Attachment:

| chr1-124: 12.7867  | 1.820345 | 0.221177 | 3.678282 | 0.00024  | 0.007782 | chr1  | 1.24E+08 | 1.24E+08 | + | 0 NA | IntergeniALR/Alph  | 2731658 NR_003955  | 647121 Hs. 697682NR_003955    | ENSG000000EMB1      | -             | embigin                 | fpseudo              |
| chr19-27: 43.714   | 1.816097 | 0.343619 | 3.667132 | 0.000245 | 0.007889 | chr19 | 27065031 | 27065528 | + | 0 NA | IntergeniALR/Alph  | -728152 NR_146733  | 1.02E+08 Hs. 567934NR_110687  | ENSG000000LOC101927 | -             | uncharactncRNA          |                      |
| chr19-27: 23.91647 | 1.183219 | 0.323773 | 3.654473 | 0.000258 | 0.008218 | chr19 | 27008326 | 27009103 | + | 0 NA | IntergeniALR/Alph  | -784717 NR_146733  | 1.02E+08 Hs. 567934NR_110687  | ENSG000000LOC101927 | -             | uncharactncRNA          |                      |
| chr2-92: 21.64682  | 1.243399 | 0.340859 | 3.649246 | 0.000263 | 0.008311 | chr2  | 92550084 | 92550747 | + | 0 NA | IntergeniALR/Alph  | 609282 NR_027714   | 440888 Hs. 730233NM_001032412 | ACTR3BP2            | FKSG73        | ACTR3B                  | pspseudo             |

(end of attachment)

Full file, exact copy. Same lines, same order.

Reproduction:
| chr1-124: 12.7867  | 1.820345 | 0.221177 | 3.678282 | 0.00024  | 0.007782 | chr1  | 1.24E+08 | 1.24E+08 | + | 0 NA | IntergeniALR/Alph  | 2731658 NR_003955  | 647121 Hs. 697682NR_003955    | ENSG000000EMB1      | -             | embigin                 | fpseudo              |
| chr19-27: 43.714   | 1.816097 | 0.343619 | 3.667132 | 0.000245 | 0.007889 | chr19 | 27065031 | 27065528 | + | 0 NA | IntergeniALR/Alph  | -728152 NR_146733  | 1.02E+08 Hs. 567934NR_110687  | ENSG000000LOC101927 | -             | uncharactncRNA          |                      |
| chr19-27: 23.91647 | 1.183219 | 0.323773 | 3.654473 | 0.000258 | 0.008218 | chr19 | 27008326 | 27009103 | + | 0 NA | IntergeniALR/Alph  | -784717 NR_146733  | 1.02E+08 Hs. 567934NR_110687  | ENSG000000LOC101927 | -             | uncharactncRNA          |                      |
| chr2-92: 21.64682  | 1.243399 | 0.340859 | 3.649246 | 0.000263 | 0.008311 | chr2  | 92550084 | 92550747 | + | 0 NA | IntergeniALR/Alph  | 609282 NR_027714   | 440888 Hs. 730233NM_001032412 | ACTR3BP2            | FKSG73        | ACTR3B                  | pspseudo             |